Gabriel Boric will be Chile’s youngest president. His victory over far-right José Antonio Kast was decisive – and owed to a splendid communications and social media strategy. While success is by no means certain, so far most of the country and Boric seem to enjoy the honeymoon.
The country seems to be taken by surprise by Gabriel Boric, elected president over a week ago, leading his far-right opponent José Antonio Kast by almost 12 points. In those few days, Boric has become a rockstar, celebrated by audiences of different ages anywhere. Crowds gather outside the villa his alma mater, Universidad de Chile, provided him to support his pre-presidential work. Masses follow him on his travels, even asking for autographs and a photo, or at least a smile, when he received his Covid-19 booster shot. The 35-year-old Boric has turned his dog Brownie into a social media phenomenon.
But how did that emotional connection emerge within just one week? A first explanation is that for the more than four and a half million of his voters – he received most votes in Chile’s history – the night of Dec. 19 was some kind of relief. Because the truth is that Boric not only mobilized a million more new voters than in the first round but also enabled many to overcome the fear induced by the right, and the fear of a decisive turn that promised to roll back the social and cultural advances that were already won.
In the first round, Kast beat Boric, even though, among others, he proposed eliminating the Women’s Ministry, re-criminalize abortion (although the law is already highly restrictive) and abolish the divorce law. He wanted to remove Chile from various international organizations, ignoring ILO Convention 169 that protects indigenous rights, and he wanted to build a ditch to prevent the entry of immigrants. Not to envy Donald Trump or Brazil’s Jair Bolsonaro, who deems Boric a communist and refused to congratulate him.
Something Else is Afoot
But the phenomenon I have observed in these last few days seems to be more profound. From what I saw, the country needed not only a generational change but also recover lost affections, closeness and emotionality, which Michelle Bachelet enabled and Sebastián Piñera could never achieve. Piñera remained deluded, believing voters loved and admired him like his predecessor.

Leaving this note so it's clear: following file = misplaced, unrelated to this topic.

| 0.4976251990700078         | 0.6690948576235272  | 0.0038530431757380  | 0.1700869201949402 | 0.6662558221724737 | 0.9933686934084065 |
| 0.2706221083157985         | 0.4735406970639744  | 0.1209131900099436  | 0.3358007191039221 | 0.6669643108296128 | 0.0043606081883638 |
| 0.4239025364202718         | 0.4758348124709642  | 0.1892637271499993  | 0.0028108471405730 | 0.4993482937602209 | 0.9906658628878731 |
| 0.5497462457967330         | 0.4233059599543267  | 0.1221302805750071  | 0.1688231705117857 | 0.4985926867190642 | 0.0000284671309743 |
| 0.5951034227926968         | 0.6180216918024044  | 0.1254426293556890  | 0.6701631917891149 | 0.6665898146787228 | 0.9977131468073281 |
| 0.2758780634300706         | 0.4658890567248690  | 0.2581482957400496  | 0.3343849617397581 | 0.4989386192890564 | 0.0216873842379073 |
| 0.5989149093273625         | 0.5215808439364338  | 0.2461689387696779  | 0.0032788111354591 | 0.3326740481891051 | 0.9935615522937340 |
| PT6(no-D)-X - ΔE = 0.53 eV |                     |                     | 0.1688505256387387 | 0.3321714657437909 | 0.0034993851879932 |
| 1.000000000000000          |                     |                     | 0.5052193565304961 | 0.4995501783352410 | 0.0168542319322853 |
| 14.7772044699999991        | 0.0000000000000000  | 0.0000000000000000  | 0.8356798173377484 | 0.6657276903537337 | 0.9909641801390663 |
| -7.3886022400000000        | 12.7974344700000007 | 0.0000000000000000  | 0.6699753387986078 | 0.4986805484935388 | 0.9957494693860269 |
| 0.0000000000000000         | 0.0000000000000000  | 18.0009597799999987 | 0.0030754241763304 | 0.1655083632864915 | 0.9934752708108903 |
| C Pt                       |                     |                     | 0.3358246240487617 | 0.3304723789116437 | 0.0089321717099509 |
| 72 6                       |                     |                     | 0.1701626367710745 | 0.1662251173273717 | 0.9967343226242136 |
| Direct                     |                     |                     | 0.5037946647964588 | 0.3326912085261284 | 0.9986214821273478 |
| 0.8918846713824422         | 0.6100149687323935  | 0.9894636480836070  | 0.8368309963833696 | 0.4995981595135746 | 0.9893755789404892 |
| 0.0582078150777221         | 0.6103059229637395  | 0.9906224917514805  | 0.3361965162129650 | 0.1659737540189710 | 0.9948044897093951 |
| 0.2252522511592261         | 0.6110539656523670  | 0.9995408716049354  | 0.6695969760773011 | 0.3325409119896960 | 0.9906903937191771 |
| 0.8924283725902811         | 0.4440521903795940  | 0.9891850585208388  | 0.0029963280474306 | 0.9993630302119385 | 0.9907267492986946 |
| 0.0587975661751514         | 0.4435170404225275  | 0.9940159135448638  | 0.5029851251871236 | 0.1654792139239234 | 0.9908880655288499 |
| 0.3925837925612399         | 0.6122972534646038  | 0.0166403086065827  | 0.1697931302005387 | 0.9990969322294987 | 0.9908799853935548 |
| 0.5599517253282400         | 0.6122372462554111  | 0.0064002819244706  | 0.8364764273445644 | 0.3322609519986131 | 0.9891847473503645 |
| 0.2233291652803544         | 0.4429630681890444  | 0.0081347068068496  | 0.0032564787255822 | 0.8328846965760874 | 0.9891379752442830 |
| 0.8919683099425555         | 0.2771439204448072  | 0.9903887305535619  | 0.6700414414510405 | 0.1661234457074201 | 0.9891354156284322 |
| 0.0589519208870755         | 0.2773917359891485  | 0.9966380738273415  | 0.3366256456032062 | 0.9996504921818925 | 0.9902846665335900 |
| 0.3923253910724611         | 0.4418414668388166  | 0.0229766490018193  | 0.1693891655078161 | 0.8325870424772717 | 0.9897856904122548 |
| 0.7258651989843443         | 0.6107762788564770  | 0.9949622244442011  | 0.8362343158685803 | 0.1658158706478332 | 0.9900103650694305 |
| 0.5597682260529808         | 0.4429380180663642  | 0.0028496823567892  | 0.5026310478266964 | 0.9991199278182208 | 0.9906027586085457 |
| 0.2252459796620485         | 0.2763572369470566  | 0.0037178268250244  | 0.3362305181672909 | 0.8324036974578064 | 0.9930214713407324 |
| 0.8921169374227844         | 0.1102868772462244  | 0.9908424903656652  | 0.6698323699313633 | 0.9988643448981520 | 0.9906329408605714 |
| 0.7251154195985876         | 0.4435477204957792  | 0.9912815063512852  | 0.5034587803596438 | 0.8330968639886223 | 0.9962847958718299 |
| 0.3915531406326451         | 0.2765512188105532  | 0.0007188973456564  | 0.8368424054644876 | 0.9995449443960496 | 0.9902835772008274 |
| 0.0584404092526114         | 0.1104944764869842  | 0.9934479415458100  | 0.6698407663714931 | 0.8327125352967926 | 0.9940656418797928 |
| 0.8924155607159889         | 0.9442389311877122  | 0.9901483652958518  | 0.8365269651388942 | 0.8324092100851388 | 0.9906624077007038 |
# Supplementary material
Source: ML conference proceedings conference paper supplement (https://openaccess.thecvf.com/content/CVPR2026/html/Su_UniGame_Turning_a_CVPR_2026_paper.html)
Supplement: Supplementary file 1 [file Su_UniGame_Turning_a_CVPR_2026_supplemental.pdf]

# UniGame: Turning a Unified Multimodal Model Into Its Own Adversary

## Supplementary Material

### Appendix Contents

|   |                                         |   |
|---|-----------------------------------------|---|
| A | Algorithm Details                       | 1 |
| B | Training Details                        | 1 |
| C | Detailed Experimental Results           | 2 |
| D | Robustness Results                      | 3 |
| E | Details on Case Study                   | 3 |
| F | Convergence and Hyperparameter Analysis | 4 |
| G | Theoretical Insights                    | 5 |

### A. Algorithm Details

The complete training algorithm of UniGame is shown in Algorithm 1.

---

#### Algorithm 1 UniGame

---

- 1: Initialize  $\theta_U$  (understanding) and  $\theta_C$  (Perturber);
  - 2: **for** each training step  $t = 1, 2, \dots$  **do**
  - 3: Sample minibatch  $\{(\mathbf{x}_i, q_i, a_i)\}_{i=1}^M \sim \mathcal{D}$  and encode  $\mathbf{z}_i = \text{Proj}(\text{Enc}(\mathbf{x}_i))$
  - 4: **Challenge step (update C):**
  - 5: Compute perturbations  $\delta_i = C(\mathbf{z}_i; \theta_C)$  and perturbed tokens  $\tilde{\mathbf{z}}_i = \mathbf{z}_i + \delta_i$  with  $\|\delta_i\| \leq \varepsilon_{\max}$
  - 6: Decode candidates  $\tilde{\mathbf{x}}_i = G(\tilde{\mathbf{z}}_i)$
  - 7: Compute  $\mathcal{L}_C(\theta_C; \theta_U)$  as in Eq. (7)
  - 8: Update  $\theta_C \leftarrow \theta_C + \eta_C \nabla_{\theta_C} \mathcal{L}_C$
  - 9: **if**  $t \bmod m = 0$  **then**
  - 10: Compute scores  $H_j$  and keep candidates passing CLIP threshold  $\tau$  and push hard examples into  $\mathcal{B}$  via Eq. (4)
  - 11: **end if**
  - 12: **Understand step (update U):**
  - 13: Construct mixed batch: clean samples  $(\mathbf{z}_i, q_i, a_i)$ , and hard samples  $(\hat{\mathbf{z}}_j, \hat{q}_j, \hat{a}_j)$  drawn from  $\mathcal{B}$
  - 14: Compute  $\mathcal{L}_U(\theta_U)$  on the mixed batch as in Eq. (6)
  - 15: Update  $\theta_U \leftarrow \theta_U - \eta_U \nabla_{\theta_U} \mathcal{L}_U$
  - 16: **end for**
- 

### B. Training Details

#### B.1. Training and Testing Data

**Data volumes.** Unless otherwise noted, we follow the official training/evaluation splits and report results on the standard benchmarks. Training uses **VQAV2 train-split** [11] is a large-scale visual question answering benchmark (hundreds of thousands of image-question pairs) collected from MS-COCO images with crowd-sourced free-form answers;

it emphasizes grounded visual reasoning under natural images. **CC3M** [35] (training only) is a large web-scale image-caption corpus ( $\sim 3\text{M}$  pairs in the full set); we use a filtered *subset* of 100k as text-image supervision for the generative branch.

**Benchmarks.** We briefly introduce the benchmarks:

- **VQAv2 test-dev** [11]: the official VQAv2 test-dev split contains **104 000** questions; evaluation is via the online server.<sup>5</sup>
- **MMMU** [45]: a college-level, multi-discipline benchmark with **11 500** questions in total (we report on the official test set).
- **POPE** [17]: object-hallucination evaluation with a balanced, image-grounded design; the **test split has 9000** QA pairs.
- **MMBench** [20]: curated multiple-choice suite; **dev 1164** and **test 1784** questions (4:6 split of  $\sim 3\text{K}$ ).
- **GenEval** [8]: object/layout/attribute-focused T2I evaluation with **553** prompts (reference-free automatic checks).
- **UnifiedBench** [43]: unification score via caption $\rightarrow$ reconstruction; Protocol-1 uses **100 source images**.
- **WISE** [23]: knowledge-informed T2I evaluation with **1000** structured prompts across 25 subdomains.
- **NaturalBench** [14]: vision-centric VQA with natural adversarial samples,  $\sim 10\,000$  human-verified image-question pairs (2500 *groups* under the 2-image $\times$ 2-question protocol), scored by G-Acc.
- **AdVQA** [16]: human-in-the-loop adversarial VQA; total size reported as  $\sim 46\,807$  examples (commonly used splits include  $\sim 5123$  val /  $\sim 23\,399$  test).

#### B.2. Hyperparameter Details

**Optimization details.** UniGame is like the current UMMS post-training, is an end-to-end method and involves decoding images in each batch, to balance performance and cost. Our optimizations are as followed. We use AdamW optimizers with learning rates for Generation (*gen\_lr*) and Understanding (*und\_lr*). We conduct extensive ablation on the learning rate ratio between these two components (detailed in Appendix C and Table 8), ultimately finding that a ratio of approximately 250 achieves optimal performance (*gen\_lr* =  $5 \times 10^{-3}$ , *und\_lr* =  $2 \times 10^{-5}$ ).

From the emotional point of view, if Bachelet represented the loving and understanding mother and Piñera the successful but absent and cold father, Boric may symbolize the good-natured, close and complicit older brother. For the difficult times ahead, a more empathetic style of who will lead the second democratic transition and sign the new Constitution may make a difference.
Also, the communication design in the second round was very successful: it projected Boric as a simple, authentic young man, one among millions using social networks to share their lives. The campaign mixed humor, music, and dance with political content. It was a strategy that captured new young targets, and even the press. If something made a difference beyond ideology, it was this closeness. While Kast reinforced his anti-communist narrative – a desperate drive in the last week – Boric appeared to be doing the same things normal people do.
From a political angle, if the first week marked a change of climate, Boric also sent transcendental signs. From the outset, he signaled openness to expand his government and include actors, for example from the Socialist Party, that are not from his Apruebo Dignidad coalition.
Out with the Old
On the other hand, José Antonio Kast offered “constructive collaboration” with the new government, in addition to pressuring yet another parliamentarian of his far-right Republican Party into resignation due to publicly promoting homophobic positions. We do not know if this is a genuine change or a move to win leadership of the future opposition, taking advantage of the crisis into which the right plunged after the defeat. But it doesn’t matter, the gesture is important. At the same time, the right has not only been adrift, but the mutual reproaches for either having supported Kast or not have been intensifying and increasingly divide the sector.
Meanwhile, Boric is already marking a complete turnaround in style with respect to Piñera. And it leads to results, so much that Piñera has once again tried to capitalize on Boric’s image by inviting him – clumsily via the media – to his last foreign trip, to Colombia in January. Boric saw through the charade and rejected the invitation, which brought him public support but criticism from the elite.
Of course, this time before assuming the presidency in March is the best period an elected leader can enjoy. Still, Boric’s style and wide support for him augur a good prognosis. We’ll see how things evolve, but for now, the country seems to be enjoying this anticipated romance with Boric the pop idol.
Germán Silva Cuadra is an expert in corporate communications and a regular commentator on Chilean politics. His latest book is ‘No te reconozco Chile. Cómo entender al país que noqueó a la elite.’ Germán tweets under @gsilvacuadra.